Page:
Building a personal brand

Alan Ludmer

Branding can be described as many things, but it’s best defined as a promise… a promise of the value of the product… a promise that the product is better than all the competing products… a promise that must be delivered to be successful. Branding is the combination of tangible and intangible characteristics that make a brand unique.

In today’s blog, we will discover that branding is essential to career advancement because branding helps define who you are, how you are great, and why you should be sought out.  Branding is your reputation. Branding is about building a name for yourself, showcasing what sets you apart from others, and describing the added value you bring to a situation.

Basic Tactics

 We start with 5 very basic tactics that can help build your career brand and make you a much more attractive employee or job-seeker. Remember, if you don’t brand yourself, others will for you. And while you may be happy and secure in your job now, you really never know when that will change. We are all the CEOs of our own companies: Me, Inc.

1.  Gain Experience/Track Accomplishments

Building your brand begins with tracking your past accomplishments and gaining strategically important new experiences. Your accomplishments are the foundation of your career brand.

Take the time to plan and focus on what you want your brand to stand for — and develop a strategy for gaining experience in areas of your brand in which you are weak.

If you are employed, ask for new and challenging assignments that will build your brand. Consider freelancing or consulting. Use volunteering to gain experience. If you’re a student, seek out multiple internships.

 2. Complete Education/Training

For many careers, a minimum amount of education is necessary, but to excel in your career you may need to complete additional education, training, or certifications. Getting additional education can greatly enhance your career brand.

 3. Promote Yourself

You can have an amazing brand, but if no one knows about it, you are not going to have much success. Throw modesty out the window.  There is a fine line between bragging and promoting, but it’s always better to err on the side of promoting your brand than not.

 One of the oldest tools of promotion for job-seekers is the resume. Start by listing all your key accomplishments, skills, and education on your resume. You may even have your positioning statement (qualifications summary) on your resume… but don’t stop there.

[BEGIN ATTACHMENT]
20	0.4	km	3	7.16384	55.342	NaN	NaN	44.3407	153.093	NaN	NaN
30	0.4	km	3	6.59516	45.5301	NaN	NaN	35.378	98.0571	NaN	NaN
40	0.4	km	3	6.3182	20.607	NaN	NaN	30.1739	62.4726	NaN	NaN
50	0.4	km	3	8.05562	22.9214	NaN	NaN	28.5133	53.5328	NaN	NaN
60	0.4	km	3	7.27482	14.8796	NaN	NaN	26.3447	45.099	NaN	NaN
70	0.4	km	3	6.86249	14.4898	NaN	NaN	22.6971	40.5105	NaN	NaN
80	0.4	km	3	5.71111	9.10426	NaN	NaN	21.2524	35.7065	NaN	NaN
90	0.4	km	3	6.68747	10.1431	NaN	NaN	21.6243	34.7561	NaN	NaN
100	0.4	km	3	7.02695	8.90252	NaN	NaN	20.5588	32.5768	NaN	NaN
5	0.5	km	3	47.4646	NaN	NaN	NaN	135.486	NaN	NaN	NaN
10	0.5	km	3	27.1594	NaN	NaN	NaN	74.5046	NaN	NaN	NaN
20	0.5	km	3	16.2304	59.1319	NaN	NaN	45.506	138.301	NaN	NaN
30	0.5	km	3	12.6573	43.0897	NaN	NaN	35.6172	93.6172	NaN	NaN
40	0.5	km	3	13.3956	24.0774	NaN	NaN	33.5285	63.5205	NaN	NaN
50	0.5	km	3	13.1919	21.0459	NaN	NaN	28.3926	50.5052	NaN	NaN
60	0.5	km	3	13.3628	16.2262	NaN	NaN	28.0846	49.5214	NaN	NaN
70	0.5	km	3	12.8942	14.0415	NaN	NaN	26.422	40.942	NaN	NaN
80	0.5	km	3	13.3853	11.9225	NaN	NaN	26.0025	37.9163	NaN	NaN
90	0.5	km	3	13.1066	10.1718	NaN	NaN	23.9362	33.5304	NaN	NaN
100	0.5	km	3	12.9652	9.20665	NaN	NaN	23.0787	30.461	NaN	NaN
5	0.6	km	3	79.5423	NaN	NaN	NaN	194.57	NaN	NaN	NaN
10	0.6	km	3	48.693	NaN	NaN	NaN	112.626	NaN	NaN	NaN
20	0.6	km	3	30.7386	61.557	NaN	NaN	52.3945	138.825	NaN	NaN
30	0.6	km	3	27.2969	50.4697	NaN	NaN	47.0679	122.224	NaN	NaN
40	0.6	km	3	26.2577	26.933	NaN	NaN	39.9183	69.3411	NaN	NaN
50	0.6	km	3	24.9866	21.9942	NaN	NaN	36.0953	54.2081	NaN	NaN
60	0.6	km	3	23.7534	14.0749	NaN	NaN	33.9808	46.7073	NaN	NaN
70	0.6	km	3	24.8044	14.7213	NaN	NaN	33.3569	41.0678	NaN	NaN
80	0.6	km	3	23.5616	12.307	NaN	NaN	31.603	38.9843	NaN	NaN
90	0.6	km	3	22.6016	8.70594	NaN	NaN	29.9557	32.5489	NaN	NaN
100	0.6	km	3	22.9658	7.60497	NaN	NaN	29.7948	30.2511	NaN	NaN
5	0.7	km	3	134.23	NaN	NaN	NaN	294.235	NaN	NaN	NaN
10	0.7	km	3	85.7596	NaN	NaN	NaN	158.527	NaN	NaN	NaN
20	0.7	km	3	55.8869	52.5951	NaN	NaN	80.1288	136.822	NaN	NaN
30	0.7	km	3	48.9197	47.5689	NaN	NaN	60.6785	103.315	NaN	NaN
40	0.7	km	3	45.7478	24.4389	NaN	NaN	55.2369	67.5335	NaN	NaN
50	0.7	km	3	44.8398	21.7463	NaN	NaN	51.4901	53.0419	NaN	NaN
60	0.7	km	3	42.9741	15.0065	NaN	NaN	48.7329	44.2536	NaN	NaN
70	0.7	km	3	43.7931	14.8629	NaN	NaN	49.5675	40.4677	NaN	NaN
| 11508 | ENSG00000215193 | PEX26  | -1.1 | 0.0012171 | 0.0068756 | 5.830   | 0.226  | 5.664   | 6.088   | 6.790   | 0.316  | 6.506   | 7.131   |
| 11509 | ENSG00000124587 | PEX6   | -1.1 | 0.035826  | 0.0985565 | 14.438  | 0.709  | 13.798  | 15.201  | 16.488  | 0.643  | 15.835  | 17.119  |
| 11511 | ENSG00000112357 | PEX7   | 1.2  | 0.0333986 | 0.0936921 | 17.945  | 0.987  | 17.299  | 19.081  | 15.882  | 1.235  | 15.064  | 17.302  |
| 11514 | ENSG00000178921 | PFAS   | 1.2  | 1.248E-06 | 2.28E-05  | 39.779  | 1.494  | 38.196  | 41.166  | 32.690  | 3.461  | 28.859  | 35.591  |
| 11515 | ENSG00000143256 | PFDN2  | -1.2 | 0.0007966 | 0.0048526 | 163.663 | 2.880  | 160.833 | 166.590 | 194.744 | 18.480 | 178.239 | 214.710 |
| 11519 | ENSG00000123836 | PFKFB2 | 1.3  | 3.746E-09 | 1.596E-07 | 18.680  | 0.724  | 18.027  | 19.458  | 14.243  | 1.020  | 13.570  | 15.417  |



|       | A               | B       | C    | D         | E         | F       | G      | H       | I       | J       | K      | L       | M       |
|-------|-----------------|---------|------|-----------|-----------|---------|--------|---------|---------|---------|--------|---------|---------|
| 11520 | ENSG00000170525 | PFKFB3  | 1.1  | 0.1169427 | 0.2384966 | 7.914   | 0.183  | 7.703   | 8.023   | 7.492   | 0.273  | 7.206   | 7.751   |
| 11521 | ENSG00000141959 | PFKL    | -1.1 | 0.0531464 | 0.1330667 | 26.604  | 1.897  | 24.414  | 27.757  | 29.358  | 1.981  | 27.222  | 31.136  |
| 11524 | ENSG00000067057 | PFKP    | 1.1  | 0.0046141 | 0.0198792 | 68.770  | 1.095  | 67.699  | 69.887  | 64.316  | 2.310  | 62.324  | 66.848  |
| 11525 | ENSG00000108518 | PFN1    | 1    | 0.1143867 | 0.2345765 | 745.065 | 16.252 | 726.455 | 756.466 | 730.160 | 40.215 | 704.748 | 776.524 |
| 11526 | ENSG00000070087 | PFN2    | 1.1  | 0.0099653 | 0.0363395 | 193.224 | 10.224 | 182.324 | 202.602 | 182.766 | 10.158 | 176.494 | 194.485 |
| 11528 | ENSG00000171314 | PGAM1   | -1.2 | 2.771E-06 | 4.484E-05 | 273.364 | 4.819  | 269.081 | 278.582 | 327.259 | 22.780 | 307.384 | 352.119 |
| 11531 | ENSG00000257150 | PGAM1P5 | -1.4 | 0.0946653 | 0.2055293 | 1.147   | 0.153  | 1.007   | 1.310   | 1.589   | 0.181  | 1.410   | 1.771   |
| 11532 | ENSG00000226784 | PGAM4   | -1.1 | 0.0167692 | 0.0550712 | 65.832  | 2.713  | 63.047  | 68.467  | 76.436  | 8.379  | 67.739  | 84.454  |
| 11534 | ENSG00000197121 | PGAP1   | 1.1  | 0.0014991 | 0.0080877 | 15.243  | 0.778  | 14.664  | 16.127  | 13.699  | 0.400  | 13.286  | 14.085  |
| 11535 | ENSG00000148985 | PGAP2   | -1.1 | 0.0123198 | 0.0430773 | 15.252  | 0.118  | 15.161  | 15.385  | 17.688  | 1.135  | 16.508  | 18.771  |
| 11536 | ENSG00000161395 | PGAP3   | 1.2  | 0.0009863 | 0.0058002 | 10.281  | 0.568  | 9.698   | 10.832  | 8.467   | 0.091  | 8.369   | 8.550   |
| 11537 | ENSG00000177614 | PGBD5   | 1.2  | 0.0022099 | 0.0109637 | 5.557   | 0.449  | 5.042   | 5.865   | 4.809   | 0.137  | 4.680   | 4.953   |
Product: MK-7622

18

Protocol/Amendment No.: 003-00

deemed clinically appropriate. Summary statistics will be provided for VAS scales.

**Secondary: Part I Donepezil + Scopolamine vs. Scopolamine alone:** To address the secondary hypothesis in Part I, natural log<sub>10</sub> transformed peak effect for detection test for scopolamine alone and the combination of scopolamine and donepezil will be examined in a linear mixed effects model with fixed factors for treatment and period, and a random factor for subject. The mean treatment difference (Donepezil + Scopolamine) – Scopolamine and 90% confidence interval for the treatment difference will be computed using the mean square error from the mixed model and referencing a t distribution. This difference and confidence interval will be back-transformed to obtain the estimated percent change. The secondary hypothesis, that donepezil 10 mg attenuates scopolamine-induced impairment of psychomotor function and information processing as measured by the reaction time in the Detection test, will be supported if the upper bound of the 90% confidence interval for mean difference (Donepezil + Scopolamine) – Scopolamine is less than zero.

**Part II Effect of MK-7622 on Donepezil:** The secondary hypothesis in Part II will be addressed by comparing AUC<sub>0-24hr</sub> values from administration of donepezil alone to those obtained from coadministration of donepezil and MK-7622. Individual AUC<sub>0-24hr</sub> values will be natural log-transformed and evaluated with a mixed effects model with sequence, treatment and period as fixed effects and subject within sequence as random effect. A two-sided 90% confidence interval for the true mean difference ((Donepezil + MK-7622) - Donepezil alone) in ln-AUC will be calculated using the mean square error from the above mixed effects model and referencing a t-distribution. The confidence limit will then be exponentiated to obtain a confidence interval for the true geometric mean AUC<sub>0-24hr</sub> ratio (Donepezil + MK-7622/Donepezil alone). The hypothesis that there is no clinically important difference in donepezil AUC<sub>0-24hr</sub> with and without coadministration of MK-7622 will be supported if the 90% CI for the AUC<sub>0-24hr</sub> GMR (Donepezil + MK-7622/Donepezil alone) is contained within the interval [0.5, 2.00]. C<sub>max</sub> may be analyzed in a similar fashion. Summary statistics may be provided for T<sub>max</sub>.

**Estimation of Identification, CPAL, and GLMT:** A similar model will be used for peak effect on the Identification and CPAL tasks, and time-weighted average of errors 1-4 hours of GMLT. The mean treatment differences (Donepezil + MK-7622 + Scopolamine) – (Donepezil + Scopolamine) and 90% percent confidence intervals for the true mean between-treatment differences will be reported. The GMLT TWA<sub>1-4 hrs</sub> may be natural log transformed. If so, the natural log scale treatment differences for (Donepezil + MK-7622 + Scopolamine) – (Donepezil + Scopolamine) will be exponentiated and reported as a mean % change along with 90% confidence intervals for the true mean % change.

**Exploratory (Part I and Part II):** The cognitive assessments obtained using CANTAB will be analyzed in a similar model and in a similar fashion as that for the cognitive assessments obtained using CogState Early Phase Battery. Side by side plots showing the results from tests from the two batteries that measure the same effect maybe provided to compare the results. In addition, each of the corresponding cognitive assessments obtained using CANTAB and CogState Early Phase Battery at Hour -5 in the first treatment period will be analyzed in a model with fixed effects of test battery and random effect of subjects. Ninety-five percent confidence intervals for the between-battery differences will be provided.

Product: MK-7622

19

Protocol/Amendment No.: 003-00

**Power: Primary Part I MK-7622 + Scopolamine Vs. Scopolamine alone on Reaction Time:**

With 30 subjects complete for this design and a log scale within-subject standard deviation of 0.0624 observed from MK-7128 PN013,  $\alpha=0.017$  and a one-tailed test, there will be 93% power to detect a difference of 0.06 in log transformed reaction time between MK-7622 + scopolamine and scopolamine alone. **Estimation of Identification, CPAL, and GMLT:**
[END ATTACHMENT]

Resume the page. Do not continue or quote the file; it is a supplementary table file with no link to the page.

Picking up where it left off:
Develop two career portfolios — a print one and an online one.. Your portfolio should include all important brand artifacts: resume(s), mission statement, detailed accomplishments list, samples of work, articles and working papers, speech transcripts, awards and honors, testimonials, and more.  Your brand needs to have a strong online presence.  Maximize your social and professional media.

 4. Become an Expert

Nothing builds credibility in a career brand more than establishing yourself as an expert in your field.  Start by writing articles that showcase your knowledge — and getting them published (ideally) in noteworthy media outlets. Consider self-publishing.

 Seek out conferences and meetings where you can give speeches and presentations. Play up awards and other recognition that can help label you an expert.

5. Build Relationships

Thus, nothing is more powerful in building your career brand than what your network of contacts — your friends, colleagues, customers, clients, and former bosses — say about you and your set of skills, education, and accomplishments.

 The best brand-builders don’t stop with their current network; they are in constant network-building mode. Search out new professional associations as well as the growing number of online networking communities.

 Final Thoughts

Once you identify and build your brand, remember to continue strengthening and protecting it. There will always be competing brands (job-seekers) ready to fill any gap you leave behind. You are indeed founder and CEO of Me, Inc., and the more you do to cultivate your career brand, the more successful you’ll be with your current employer and in the job-search.

About the author:

Alan Ludmer is the president of ARL, Inc which specializes in outplacement, career and executive coaching, search/recruitment, corporate marketing and branding.  He is the lead consultant for the Jewish Family & Children Services Lifeline Program.  For more information contact [email protected].